A study of families with Lynch Syndrome has expanded the list of cancers related to the condition: carriers of a Lynch Syndrome gene mutation also appear to have an increased risk of breast cancer and pancreatic cancer. These results were published in the Journal of Clinical Oncology.
Lynch Syndrome, also known as hereditary nonpolyposis colorectal cancer (HNPCC), results from inherited mutations in genes involved in DNA mismatch repair. These mutations greatly increase the risk of developing colorectal cancer. In individuals with Lynch Syndrome, the average age at diagnosis of colorectal cancer is about 44 years, compared with 64 years in the general population. Overall, roughly 3% to 5% of all colorectal cancers are thought to result from Lynch Syndrome. Several other types of cancer are also known to be more common in people with Lynch Syndrome, including cancers of the endometrium (the lining of the uterus), ovary, small intestine, ureter, and renal pelvis.
To further explore cancer risk in families with Lynch Syndrome, researchers conducted a study among 446 people with a Lynch Syndrome gene mutation, and 1,029 family members who did not carry a gene mutation.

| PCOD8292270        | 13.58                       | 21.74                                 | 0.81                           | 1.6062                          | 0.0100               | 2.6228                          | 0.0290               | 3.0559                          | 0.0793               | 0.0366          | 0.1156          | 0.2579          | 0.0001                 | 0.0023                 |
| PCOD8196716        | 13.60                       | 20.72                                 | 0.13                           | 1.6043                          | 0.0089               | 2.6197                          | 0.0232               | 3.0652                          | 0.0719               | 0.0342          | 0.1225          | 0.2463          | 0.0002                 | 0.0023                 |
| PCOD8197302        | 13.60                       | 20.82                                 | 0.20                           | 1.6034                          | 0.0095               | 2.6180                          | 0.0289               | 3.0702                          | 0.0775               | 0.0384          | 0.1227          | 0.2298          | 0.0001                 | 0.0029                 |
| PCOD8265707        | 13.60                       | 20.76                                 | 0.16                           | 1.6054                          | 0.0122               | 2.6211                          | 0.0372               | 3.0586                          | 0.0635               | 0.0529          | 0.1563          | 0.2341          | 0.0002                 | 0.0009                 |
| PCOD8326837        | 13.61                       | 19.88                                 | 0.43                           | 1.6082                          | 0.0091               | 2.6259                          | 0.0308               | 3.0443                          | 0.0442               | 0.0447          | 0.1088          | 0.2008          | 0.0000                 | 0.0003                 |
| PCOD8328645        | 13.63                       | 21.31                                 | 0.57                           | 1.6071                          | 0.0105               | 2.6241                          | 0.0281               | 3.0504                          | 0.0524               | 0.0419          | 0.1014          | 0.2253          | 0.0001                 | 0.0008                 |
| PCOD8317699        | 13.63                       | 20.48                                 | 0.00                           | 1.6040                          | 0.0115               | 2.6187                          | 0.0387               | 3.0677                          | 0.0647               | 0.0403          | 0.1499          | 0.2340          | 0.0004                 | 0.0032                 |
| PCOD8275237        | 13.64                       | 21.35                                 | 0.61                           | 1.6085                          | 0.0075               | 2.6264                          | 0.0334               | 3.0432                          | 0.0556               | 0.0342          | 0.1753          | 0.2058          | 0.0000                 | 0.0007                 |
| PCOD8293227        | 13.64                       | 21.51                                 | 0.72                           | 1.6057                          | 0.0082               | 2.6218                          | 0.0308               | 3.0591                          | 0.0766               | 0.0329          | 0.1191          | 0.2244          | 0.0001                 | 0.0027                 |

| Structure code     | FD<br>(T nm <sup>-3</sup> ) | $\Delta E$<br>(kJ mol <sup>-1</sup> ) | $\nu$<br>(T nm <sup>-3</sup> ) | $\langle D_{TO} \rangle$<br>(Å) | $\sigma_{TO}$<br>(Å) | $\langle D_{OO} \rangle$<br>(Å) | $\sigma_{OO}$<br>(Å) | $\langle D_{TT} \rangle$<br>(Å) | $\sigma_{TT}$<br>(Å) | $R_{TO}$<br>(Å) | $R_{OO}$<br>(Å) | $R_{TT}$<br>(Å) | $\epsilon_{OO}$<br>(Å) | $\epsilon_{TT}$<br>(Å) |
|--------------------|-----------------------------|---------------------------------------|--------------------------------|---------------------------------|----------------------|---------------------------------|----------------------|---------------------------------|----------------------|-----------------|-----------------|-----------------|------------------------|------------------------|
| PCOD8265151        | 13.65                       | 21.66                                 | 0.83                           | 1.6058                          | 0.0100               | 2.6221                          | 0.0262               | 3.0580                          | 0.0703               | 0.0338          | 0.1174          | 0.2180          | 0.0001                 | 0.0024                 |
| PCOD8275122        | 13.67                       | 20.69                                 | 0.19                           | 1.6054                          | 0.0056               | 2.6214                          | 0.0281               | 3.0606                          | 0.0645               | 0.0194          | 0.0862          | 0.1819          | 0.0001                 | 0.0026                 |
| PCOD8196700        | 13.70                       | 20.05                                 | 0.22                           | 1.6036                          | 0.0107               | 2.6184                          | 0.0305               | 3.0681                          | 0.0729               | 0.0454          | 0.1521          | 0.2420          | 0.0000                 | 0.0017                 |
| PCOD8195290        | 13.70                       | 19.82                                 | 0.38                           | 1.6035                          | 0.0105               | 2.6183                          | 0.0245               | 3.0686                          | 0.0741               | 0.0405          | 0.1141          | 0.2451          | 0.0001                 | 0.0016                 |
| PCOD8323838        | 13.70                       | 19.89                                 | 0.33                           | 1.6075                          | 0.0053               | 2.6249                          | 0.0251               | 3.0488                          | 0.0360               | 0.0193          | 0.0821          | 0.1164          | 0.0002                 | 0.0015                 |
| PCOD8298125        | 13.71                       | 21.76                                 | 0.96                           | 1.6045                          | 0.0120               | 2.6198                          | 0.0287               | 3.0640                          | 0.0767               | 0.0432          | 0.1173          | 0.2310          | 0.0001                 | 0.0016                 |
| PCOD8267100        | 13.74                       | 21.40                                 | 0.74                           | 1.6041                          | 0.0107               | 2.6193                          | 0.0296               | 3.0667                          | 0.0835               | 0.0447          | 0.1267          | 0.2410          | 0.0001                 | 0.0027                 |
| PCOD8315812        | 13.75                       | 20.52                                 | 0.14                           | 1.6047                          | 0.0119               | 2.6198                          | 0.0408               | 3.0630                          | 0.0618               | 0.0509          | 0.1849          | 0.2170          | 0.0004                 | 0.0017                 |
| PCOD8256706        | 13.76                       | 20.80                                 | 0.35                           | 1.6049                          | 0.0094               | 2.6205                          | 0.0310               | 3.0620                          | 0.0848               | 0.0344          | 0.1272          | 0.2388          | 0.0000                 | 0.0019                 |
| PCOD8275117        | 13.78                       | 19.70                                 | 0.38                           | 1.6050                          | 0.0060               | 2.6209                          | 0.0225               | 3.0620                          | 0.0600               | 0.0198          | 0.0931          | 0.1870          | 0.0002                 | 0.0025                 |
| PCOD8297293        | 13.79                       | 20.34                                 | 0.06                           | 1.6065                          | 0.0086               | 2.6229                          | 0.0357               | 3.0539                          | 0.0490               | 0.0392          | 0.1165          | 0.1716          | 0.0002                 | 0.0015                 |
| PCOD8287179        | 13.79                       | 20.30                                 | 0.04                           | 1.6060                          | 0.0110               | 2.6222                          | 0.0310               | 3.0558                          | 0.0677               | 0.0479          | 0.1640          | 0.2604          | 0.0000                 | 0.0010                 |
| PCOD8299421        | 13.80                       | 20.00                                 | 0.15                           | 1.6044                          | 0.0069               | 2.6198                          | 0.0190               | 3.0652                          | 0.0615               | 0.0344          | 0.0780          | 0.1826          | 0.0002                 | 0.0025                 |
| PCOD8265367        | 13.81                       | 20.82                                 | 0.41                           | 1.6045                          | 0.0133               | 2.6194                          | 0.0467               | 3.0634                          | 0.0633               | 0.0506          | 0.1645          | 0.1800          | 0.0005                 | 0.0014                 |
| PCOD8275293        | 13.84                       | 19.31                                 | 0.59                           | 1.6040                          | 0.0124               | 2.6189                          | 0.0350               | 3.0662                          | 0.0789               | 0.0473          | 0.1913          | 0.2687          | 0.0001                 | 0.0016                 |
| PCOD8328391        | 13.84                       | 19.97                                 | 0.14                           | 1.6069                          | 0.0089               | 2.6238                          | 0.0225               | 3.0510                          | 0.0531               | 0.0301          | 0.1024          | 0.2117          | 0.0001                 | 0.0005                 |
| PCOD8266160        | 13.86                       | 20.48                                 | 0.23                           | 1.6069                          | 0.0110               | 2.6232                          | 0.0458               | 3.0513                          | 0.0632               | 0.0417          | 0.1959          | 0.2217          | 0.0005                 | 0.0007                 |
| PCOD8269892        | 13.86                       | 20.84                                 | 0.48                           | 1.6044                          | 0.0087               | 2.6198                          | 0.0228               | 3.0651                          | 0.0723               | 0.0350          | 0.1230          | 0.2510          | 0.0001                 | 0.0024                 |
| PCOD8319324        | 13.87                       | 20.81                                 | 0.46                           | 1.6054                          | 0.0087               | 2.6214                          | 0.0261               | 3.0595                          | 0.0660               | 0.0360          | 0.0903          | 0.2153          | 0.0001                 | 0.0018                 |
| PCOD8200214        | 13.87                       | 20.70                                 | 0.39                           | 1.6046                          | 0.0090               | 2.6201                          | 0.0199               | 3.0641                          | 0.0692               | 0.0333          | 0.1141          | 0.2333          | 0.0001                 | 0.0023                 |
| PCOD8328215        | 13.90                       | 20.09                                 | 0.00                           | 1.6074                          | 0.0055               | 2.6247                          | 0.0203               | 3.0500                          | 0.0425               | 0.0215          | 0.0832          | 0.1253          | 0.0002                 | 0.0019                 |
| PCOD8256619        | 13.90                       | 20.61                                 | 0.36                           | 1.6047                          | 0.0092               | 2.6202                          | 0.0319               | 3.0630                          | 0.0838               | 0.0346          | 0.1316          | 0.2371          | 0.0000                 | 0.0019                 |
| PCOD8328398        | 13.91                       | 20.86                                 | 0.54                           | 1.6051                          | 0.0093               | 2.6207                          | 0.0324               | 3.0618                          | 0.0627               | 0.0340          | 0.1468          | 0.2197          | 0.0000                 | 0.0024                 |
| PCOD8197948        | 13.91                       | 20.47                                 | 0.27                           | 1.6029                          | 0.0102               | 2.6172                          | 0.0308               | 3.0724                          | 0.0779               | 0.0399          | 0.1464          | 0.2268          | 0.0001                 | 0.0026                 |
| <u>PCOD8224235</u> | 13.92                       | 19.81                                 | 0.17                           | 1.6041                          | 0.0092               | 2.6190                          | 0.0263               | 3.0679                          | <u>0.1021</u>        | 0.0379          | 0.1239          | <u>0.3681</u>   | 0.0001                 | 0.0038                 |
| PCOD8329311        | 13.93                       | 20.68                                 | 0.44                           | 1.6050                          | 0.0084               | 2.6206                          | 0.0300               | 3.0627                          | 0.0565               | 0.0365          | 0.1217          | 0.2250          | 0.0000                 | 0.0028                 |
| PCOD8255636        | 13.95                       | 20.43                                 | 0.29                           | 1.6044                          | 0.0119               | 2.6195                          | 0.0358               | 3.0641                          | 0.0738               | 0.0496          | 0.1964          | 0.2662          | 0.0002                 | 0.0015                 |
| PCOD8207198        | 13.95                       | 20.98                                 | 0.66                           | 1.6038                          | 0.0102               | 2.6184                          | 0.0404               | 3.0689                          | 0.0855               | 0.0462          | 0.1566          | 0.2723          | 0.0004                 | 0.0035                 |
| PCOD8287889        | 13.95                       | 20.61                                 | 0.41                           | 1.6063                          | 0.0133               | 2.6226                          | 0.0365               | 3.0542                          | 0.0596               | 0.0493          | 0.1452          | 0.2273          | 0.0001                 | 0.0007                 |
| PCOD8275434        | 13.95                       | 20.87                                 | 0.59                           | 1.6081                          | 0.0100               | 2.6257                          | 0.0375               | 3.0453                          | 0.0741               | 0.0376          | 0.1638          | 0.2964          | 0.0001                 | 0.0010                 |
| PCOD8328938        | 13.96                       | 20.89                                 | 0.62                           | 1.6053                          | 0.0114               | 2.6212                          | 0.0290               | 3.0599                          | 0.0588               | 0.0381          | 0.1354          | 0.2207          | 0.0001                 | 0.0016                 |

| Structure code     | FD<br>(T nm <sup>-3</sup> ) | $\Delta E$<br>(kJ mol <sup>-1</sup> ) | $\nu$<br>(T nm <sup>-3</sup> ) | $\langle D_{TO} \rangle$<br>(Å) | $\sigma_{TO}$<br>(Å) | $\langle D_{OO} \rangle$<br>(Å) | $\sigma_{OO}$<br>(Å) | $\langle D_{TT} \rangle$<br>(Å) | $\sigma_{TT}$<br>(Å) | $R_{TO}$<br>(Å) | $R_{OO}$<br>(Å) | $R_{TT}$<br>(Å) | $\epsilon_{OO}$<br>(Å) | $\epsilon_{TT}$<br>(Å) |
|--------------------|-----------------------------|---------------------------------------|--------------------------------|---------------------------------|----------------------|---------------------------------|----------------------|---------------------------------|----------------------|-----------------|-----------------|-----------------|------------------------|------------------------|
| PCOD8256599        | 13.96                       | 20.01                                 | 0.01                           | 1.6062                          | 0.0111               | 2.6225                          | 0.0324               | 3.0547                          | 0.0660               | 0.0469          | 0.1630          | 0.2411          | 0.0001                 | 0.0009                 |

Study subjects were followed for a median of five years.
This study confirms that people with Lynch Syndrome have an increased risk of several types of cancer, including some (breast and pancreatic cancer) that were not previously known to be linked with Lynch Syndrome.
People who come from a family with Lynch Syndrome but who do not carry the gene mutation themselves do not appear to be at increased risk of cancer.
Reference: Win AK, Young JP, Lindor NM et al. Colorectal and other cancer risks for carriers and noncarriers from families with a DNA mismatch repair gene mutation: a prospective cohort study. Journal of Clinical Oncology. Early online publication February 13, 2012.
Posted February 20, 2012